As an aside, if the buffer overrun corrupts an exception handler on the stack, things get a little tricky for the attacker too. The operating system checks the address of the exception handler prior to dispatch, and if the address is not in the list of valid exception addresses compiled into the image’s PE header, the process is terminated. The list of addresses is added by the compiler. This is the /SafeSEH linker option.
Now let’s assume the bug is in code that has a heap-based buffer overrun. /GS and SafeSEH are irrelevant, as these two defenses are stack-based, not heap-based. But we have made numerous heap improvements too to make exploits harder to pull off successfully:
· Heap blocks are check-summed.
· Various heap block metadata elements are encoded (XORd) with a random number.
· The base address of heaps are randomized.
· Functions pointers used by the Heap, such as the CommitProcedure, are encoded (XORd) with a random number.
· For most applications included with Windows Vista, we will simply terminate the application if we detect heap corruption.
Note, if the bug is an integer overflow in a call to the C++ new operator, the code will detect the condition at run time and simply fail the memory allocation rather than causing a potential security vulnerability.
Ok, let’s assume that the attacker has the motivation, time, patience and expertise to bypass all these defenses. There’s more!
A new defense for Windows Vista is Service hardening, it’s a broad subject, so I want to focus on just two parts of service hardening. The first is the ability to describe the privileges that a service requires, and the service control manager (SCM) will assign only those privileges to the process. You can add code like this to your service setup code:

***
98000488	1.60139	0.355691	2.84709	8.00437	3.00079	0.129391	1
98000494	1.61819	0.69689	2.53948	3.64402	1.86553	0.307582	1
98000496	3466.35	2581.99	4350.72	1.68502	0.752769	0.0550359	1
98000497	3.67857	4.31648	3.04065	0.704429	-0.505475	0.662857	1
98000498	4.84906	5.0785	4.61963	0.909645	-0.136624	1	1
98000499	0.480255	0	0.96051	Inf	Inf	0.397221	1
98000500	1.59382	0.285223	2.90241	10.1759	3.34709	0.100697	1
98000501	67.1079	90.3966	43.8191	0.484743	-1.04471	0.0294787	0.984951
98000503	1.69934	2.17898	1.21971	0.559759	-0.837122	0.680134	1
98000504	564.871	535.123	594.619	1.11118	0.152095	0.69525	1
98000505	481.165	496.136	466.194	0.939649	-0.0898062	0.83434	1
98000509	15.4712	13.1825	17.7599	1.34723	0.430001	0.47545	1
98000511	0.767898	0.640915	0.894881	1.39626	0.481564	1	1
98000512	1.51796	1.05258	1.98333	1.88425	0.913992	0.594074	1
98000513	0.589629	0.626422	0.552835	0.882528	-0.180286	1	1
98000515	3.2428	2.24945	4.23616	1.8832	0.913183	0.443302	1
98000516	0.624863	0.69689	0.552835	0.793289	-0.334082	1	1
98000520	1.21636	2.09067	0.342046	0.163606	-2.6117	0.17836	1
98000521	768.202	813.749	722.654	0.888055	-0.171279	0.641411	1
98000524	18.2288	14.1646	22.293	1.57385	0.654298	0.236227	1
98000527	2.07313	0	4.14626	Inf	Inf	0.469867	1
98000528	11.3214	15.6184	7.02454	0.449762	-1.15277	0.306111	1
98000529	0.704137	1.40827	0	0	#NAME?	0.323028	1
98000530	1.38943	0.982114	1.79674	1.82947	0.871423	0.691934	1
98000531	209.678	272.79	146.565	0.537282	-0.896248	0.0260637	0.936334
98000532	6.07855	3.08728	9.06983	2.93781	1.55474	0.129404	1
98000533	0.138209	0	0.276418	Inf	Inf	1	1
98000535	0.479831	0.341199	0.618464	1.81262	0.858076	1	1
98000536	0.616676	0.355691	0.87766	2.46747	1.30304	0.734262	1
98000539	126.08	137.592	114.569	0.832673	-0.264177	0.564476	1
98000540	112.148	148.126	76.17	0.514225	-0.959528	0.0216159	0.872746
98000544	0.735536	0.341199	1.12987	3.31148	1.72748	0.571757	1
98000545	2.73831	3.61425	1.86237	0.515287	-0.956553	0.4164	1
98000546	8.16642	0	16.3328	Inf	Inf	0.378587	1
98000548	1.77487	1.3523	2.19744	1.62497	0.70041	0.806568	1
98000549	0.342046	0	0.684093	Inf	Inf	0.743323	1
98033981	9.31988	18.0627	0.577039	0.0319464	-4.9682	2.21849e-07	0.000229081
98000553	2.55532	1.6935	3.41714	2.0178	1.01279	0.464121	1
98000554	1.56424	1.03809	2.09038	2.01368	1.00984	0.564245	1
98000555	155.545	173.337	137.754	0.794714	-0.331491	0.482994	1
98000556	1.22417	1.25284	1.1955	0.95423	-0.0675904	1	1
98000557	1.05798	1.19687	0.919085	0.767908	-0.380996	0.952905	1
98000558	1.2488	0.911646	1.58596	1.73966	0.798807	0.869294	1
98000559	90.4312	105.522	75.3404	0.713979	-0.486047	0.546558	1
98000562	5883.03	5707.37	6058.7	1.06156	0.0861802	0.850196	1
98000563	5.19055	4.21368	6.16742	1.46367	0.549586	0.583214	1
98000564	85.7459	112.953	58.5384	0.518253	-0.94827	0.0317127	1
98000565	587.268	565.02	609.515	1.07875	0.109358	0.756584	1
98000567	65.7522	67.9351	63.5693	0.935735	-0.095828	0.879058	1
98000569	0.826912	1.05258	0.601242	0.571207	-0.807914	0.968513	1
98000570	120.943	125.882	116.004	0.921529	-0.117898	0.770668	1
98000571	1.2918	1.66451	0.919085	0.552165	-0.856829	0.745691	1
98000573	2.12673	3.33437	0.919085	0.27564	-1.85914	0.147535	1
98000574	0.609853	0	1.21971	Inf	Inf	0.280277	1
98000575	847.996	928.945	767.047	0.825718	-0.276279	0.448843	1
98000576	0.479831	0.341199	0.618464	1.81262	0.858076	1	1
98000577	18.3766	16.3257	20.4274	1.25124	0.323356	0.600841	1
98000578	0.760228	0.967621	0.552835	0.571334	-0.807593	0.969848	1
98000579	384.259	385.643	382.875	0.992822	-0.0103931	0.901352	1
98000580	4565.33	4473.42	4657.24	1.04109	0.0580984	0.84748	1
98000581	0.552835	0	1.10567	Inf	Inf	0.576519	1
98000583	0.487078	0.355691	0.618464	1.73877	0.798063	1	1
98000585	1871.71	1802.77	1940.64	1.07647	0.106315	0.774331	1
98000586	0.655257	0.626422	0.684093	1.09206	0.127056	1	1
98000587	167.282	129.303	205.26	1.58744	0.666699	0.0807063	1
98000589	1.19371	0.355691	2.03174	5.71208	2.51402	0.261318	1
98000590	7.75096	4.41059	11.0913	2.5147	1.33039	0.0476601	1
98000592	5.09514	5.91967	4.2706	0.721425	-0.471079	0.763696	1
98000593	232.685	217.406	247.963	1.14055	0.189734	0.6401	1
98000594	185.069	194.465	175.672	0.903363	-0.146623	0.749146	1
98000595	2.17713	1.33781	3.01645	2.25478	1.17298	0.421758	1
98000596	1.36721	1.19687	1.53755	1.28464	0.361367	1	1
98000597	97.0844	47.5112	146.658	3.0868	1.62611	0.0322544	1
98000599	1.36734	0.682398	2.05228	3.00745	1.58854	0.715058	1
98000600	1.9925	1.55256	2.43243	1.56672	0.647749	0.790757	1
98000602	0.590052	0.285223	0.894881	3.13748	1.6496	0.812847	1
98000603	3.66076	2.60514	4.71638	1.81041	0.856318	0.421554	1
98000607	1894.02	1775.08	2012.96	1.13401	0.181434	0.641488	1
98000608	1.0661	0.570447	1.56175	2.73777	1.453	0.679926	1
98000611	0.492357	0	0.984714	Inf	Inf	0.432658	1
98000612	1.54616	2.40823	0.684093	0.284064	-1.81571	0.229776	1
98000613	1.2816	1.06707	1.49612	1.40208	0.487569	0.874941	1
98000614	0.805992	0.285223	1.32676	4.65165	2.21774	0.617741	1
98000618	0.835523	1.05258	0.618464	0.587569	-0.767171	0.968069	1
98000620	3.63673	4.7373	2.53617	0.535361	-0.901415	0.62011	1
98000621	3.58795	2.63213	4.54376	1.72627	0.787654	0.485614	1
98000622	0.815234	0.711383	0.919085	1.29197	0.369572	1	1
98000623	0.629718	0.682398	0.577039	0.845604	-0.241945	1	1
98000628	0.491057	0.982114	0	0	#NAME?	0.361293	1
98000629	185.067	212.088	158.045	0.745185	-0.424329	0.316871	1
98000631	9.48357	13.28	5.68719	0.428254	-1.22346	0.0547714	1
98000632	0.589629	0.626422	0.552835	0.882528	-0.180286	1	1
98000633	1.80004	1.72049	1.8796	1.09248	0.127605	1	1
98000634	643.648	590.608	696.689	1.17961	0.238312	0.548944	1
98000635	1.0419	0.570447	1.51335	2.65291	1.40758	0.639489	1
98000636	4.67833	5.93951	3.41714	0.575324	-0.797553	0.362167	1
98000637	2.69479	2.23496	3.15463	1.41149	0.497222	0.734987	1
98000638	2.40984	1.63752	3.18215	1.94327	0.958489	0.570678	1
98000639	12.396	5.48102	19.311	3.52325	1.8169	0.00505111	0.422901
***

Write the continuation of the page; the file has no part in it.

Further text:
// Set up the required privileges
BOOL fRet = ChangeServiceConfig2(
The exploit code runs with the same privileges as the host process, and reducing the privileges associated with the process means the exploit code can do less damage. Of course, there may very well be privilege elevation bugs in Windows Vista that we do not know about, but in my opinion it’s better to put up defenses, rather than no defenses at all.
Another part of service hardening is services are assigned network firewall policy, which makes it more difficult for rogue code running in a service from making network connections beyond the scope of that defined as ‘normal’. Not impossible, just harder.
Oh, and the firewall is on by default too! But you knew that.